He had reached his awakening, his nirvana. He had become enlightened. It is commonly said that he sat down to meditate under the fig tree as Gautama and he stood up under the Bodhi tree as Buddha, the awakened one.
Given the struggles and the deprivations he had endured to achieve the state of Buddhahood one might be forgiven for expecting that Gautama would have been in a state of elation or at the very least joyful bliss commensurate with his new state of enlightenment. We are told instead that characteristically and perhaps now predictably he immediately went into further intellectual torment as to what he should do with his gift. Somewhat contradicting our impression of Buddha as being a compassionate and all-caring person he apparently decided that that the difficulties of attaining enlightenment were of such a magnitude that he doubted he could teach anyone else to be enlightened. According to Buddhist mythology his conviction was so strong in this regard that it took the descent from the heavens to earth of one of the Brahman Gods, Brahma Sahampati, protector of teachings, specifically to convince him that his duty was to teach others. This seems to be a most remarkable event given the clearly momentous significance ascribed to a Brahman god having this power over the propagation of a Buddha’s teachings. It also draws into question the apparent god-lessness of Buddha’s philosophy. Whatever the actual reality of the event Buddha we are told eventually overcame his initial misgivings about his suitability for the role, accepted the responsibility and proceeded on the quest to spread his message of enlightenment to the world. He spent the rest of his life as a wandering monk moving from place to place in northern India spreading his teachings, his dharma.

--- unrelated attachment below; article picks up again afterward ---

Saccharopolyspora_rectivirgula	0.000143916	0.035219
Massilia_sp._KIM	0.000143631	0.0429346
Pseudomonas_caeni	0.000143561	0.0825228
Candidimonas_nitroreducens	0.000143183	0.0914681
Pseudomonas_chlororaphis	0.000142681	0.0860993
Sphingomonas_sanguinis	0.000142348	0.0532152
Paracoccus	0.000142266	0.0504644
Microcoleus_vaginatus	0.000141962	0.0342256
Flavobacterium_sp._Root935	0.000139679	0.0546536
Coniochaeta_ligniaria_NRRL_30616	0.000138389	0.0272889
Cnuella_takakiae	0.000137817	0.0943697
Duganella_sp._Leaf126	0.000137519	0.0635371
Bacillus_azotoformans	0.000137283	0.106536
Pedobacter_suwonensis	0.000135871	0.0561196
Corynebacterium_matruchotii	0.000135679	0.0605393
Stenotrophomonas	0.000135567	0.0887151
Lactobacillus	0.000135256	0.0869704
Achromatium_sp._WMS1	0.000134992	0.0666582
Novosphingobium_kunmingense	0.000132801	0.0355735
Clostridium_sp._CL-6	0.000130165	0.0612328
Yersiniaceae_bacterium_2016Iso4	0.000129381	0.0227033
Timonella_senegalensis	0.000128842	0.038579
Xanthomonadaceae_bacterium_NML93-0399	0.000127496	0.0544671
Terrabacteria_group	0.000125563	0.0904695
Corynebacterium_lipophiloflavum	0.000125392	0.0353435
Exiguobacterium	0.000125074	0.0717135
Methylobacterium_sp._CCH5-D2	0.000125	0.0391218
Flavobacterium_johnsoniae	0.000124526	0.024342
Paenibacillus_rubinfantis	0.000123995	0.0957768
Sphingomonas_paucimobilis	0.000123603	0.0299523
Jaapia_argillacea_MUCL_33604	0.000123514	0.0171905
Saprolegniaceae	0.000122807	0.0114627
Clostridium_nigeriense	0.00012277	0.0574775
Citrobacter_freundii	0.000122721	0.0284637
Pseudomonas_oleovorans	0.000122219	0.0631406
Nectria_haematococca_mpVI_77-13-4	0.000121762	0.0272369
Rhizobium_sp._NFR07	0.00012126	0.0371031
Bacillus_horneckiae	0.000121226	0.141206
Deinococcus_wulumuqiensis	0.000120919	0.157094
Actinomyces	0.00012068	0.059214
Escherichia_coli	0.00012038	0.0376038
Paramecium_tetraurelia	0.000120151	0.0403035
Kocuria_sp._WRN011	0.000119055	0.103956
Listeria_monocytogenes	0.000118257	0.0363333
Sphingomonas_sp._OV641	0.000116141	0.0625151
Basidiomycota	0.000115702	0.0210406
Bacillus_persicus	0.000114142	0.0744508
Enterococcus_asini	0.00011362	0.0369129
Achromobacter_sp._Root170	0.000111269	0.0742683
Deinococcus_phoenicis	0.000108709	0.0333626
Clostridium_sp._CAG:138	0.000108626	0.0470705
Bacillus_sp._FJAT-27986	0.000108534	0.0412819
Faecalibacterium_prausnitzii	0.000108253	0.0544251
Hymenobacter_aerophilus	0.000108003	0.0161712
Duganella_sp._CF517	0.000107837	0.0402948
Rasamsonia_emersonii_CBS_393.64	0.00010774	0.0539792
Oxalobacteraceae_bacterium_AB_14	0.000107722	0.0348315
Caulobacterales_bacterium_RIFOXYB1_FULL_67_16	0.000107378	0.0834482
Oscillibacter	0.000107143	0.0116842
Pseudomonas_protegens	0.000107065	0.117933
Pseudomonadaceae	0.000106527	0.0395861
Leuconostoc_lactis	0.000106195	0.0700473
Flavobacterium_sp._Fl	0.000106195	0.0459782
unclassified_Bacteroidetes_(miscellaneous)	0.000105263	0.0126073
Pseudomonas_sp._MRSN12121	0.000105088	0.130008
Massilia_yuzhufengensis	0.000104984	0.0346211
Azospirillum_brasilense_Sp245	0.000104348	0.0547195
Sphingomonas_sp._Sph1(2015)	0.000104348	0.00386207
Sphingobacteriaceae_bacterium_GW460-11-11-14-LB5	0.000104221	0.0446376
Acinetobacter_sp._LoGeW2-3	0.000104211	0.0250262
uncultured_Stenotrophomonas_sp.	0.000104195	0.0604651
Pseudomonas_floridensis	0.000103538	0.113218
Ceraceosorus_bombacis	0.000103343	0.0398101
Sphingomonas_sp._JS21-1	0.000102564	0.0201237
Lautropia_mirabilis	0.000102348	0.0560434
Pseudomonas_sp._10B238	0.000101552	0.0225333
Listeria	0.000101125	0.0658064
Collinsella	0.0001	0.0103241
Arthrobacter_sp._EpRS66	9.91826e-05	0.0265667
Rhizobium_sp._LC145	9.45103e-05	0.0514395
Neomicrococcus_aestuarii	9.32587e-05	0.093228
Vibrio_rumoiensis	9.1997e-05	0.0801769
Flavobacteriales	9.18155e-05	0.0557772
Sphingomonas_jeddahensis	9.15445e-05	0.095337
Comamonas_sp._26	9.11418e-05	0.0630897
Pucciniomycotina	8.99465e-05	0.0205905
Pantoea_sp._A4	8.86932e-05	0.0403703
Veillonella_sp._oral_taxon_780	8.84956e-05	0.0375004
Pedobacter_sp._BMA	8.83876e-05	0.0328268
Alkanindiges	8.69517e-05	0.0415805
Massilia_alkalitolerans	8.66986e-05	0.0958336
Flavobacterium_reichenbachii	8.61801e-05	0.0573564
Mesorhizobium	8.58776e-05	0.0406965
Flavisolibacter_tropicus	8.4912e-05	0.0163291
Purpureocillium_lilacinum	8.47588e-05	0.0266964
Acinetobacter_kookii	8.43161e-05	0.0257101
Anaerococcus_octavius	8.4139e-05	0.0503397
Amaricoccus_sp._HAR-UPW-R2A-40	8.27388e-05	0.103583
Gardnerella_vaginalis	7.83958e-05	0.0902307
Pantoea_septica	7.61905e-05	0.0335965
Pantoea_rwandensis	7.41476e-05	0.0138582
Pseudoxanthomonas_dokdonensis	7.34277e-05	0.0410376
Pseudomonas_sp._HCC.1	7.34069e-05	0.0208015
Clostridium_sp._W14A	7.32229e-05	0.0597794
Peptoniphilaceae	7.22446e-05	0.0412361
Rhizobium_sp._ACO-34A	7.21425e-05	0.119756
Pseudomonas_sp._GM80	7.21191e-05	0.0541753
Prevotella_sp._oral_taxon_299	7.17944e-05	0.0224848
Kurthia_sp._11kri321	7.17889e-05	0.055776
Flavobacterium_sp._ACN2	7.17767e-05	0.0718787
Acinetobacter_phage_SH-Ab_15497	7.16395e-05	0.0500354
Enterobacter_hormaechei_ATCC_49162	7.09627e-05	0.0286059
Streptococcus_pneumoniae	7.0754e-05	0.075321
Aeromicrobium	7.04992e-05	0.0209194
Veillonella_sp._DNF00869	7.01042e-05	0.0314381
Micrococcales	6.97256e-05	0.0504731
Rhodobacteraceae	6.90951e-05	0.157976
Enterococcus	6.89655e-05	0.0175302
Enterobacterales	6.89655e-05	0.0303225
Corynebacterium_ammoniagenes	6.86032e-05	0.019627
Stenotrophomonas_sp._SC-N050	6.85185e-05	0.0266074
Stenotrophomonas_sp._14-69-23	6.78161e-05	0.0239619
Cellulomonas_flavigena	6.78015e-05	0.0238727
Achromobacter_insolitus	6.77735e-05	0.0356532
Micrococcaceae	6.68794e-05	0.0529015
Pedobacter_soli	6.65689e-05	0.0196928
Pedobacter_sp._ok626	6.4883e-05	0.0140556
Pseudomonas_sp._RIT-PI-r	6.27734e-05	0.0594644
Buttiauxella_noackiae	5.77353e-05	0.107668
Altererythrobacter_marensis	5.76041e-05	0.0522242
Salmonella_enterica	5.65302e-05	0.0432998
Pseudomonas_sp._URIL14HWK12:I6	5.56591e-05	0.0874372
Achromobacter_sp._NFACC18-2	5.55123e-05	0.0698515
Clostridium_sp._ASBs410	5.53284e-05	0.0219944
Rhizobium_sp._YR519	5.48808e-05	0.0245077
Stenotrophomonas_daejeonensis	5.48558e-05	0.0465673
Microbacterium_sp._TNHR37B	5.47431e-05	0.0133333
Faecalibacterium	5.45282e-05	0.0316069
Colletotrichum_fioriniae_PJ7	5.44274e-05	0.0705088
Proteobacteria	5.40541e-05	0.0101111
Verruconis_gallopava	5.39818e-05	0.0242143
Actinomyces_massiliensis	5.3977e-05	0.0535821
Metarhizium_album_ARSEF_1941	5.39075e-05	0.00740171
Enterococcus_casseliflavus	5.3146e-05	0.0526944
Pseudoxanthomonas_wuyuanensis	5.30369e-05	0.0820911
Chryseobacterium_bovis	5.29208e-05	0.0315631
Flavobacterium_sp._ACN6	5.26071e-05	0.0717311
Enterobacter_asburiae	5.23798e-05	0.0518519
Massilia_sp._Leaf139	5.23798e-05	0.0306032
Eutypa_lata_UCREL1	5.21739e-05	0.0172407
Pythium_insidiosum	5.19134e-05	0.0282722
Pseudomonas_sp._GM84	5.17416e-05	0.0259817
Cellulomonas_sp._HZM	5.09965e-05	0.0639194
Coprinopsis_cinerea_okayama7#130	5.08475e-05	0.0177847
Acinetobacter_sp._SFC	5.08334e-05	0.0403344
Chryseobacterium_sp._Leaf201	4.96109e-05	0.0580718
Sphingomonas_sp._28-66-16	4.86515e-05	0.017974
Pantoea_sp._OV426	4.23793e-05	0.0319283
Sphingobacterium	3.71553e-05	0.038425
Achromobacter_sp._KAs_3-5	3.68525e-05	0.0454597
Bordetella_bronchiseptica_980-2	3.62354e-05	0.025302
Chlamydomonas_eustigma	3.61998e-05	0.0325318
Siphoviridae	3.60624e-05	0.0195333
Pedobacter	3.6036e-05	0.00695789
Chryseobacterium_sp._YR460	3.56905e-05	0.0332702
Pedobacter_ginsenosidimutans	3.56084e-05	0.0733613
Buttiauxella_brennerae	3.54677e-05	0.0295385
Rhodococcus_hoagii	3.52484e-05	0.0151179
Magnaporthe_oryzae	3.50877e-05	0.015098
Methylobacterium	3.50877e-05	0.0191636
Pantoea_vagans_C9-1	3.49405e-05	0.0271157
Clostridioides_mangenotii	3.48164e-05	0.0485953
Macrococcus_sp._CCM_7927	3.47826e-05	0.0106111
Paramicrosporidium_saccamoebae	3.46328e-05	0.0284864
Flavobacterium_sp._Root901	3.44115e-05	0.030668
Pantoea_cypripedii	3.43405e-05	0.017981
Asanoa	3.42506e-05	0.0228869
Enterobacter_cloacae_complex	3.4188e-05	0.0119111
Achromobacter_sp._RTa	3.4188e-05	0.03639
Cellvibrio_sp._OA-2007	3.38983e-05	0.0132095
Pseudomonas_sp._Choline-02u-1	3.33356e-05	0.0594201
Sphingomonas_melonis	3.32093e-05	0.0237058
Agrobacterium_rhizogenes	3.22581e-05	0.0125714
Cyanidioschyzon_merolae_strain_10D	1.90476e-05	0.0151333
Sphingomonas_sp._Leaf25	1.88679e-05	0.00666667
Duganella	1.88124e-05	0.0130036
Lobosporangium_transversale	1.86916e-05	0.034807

Many people who have learned much about Buddhist philosophy assume that what they have learned is exclusively Buddhist. What many do not appreciate that there was a great deal in the way of philosophy that Buddhism simply appropriated from the Indian Vedic and Brahman philosophy at the time. Many terms used in Buddhism are actually late Vedic terminology with particular Buddhist interpretations.
According to the Vedas, the basis for all spiritual knowledge in India, present in India for more than a thousand years before Gautama existed, there were two types of existence. The first was spiritual existence. The second was human existence. The first was exalted and divine. The second was one replete with misery and suffering. As a human being you were born into this suffering, you lived through the suffering and then you became ill and died with this suffering. When you died you were reborn to another lifetime of suffering and then into another. As an ordinary mortal there was no escape. There was a significant overlap between the philosophies of Buddhism and the philosophies of ancient India. The idea that life is suffering was a common idea shared by both Buddhism and Brahmanism.
The Vedic concept of maya exemplified the belief in two modes of existence. Maya proclaimed that everyday human life or existence was mere illusion, a fantasy. Belief in this fantasy or illusion led us to a life of unsatisfactory meaningless, a life based on an empty and vacuous pragmatism. This pragmatic reality was filled with pain, suffering and disillusionment. This was not the path of the gods. The gods wanted us to be part of an expansive spiritual reality, a richer and more fulfilling spiritual environment, more enticing than any earthly offering could match. This new reality was called moksha and this heralded the awakening of the Boddhi (a person who awakens) to the true eternal nature of reality, the understanding of maya. The ultimate reward for achieving this state was permanent release from the cycle of suffering, release from samsara.